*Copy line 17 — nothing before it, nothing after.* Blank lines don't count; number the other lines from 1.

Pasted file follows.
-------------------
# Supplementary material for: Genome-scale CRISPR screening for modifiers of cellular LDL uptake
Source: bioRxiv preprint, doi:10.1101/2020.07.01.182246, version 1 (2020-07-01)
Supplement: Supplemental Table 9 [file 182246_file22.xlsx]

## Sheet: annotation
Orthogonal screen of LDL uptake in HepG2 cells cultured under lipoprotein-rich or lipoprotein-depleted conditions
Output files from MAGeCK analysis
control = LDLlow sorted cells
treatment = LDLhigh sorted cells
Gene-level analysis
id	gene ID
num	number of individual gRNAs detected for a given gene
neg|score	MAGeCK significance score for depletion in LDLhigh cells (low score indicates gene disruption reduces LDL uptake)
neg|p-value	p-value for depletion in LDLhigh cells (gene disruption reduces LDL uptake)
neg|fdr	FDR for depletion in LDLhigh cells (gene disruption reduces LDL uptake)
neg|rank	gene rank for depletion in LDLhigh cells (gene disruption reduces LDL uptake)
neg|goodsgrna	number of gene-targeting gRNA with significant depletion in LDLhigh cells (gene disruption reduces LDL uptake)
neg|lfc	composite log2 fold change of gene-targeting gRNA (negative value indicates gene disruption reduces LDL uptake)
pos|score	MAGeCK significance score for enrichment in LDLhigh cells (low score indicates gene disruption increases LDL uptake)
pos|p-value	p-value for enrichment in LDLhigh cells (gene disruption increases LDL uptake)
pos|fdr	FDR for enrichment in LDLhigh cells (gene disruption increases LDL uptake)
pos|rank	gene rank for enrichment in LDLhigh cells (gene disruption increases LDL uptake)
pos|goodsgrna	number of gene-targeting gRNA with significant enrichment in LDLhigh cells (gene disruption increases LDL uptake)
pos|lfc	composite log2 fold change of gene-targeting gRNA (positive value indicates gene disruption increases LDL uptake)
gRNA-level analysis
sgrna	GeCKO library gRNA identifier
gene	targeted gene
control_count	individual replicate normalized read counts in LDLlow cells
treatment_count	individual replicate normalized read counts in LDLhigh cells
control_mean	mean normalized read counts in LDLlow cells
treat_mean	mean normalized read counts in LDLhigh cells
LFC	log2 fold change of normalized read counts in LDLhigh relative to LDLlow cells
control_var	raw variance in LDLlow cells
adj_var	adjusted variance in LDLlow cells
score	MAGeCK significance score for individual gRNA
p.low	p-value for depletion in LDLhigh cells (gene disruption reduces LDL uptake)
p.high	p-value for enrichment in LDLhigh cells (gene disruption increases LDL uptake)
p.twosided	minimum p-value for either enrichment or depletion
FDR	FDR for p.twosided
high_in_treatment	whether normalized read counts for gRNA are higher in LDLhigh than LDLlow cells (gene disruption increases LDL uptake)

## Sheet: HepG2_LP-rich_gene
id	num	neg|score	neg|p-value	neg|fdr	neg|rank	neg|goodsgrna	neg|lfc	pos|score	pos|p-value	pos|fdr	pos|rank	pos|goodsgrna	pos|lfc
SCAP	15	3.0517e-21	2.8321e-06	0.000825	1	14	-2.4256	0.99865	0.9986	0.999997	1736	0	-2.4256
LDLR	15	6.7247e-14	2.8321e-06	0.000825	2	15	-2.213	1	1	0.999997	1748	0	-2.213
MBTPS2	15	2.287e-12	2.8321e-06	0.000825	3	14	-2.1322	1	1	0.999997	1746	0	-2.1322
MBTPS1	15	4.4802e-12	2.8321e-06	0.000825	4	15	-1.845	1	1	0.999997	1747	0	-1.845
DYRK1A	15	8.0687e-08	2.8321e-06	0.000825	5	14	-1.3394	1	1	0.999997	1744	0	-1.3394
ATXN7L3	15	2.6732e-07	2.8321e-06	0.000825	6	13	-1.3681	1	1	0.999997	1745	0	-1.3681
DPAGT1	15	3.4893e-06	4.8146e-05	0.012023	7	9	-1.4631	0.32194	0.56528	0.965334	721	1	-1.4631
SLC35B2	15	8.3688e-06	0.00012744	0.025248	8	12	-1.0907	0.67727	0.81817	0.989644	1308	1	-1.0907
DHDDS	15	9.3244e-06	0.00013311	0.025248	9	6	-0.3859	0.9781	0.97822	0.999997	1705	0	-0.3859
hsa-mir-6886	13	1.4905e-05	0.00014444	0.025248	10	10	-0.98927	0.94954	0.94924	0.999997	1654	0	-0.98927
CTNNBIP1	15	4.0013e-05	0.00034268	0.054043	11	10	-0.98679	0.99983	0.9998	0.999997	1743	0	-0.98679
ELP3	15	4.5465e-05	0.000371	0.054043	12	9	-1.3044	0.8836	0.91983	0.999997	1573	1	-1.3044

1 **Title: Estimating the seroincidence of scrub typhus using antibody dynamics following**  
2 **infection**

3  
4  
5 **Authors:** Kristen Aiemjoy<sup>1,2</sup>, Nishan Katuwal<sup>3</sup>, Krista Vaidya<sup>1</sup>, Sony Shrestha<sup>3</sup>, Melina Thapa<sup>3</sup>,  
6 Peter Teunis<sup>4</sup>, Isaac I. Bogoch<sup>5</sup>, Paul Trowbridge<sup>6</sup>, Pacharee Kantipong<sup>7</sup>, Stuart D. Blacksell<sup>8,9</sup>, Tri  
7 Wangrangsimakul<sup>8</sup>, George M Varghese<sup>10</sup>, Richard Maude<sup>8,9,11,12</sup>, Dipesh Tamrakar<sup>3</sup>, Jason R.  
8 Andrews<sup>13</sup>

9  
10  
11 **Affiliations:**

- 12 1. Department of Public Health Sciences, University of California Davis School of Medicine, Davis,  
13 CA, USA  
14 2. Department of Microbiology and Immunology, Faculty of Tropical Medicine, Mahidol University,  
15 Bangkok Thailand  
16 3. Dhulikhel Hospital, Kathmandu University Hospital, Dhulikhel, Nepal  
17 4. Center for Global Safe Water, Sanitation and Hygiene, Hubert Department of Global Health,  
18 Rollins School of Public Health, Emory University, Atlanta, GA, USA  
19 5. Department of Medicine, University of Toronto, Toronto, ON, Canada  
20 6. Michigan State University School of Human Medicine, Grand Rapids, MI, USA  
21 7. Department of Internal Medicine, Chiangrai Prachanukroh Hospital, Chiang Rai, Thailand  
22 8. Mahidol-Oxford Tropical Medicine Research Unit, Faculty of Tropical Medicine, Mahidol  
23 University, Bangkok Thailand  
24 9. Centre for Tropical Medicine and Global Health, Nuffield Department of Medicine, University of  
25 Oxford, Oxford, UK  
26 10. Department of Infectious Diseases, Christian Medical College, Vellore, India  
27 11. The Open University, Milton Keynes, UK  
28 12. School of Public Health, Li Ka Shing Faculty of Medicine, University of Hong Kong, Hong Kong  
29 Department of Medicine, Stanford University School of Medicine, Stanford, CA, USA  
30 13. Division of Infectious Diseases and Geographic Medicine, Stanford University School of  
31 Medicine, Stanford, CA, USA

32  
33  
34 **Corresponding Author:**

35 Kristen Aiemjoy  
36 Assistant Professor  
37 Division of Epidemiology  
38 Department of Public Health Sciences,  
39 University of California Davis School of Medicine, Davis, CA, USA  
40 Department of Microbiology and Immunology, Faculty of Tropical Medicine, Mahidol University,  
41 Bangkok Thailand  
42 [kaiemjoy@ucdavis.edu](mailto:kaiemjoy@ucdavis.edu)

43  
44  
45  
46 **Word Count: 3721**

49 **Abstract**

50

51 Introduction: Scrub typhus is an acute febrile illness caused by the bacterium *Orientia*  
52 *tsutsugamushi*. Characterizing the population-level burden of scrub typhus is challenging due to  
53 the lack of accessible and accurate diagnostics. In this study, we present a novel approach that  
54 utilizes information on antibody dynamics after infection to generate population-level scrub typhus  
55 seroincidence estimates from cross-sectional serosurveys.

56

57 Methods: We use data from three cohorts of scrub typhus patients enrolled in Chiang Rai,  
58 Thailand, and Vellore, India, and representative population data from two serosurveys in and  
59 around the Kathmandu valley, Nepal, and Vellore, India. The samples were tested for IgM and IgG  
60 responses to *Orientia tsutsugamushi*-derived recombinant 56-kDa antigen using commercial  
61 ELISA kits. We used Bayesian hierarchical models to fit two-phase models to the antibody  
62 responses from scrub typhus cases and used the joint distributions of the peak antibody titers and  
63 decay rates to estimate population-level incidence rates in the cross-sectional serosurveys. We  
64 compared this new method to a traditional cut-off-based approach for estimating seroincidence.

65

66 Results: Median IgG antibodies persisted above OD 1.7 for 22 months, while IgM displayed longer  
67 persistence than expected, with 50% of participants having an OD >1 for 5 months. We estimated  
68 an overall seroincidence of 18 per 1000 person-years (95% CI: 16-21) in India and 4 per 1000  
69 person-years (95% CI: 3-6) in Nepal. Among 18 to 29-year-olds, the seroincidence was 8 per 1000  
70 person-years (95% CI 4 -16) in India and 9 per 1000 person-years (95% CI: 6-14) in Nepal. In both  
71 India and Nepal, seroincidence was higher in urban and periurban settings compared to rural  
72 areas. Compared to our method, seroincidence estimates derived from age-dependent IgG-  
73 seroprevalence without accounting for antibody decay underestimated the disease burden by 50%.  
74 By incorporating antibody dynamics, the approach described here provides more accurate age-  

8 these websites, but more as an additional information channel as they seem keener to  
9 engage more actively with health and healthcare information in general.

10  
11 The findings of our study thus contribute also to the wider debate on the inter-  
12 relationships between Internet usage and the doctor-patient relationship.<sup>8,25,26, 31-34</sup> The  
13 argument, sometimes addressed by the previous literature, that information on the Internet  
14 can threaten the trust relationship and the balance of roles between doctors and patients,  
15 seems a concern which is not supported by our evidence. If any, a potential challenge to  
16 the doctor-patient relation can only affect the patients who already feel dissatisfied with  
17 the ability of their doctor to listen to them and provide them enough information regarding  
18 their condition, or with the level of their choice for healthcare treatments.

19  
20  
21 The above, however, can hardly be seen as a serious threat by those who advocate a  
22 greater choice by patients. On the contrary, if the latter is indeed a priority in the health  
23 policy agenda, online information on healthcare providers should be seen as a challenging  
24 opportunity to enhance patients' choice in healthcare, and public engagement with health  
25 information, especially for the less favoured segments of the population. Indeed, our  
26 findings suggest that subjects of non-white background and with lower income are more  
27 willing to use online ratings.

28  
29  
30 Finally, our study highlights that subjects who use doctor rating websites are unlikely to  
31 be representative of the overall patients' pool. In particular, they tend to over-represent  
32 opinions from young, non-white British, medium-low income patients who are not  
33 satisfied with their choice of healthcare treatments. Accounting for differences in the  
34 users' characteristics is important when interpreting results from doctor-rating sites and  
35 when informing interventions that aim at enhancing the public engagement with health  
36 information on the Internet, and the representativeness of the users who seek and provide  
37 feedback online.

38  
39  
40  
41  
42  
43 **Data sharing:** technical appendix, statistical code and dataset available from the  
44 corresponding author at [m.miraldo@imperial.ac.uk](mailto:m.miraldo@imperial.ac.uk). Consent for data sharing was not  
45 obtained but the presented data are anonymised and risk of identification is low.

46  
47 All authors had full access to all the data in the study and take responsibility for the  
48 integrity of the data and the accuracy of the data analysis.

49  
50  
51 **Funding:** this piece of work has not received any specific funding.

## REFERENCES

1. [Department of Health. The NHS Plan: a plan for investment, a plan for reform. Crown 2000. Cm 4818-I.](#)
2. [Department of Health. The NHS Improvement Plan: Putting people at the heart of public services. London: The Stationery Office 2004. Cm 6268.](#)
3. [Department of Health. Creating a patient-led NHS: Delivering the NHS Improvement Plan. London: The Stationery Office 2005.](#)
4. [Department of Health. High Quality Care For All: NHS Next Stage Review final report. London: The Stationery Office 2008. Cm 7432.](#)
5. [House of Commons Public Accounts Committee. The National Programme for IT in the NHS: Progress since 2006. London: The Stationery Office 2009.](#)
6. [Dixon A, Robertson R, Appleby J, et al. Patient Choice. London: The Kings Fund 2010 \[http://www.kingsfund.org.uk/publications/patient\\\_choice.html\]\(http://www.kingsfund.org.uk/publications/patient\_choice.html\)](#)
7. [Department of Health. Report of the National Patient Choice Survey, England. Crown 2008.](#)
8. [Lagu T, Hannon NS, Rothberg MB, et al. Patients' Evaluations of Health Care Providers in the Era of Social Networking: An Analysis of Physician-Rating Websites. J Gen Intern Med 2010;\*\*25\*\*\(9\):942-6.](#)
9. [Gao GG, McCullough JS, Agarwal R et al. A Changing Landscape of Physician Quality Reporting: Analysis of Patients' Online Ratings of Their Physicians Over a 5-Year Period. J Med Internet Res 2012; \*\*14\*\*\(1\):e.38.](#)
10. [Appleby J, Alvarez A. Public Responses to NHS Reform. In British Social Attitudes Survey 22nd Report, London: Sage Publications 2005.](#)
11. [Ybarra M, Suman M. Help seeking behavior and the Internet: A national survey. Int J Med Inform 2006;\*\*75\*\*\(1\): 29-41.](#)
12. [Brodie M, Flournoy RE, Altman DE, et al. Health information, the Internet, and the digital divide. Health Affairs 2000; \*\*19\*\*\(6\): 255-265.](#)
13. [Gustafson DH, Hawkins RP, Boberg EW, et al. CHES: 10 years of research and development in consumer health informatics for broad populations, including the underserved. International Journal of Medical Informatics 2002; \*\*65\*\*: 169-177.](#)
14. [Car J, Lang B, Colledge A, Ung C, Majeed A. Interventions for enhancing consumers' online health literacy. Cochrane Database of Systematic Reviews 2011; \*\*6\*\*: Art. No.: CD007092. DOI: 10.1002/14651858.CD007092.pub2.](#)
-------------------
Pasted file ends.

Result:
neg|lfc	composite log2 fold change of gene-targeting gRNA (negative value indicates gene disruption reduces LDL uptake)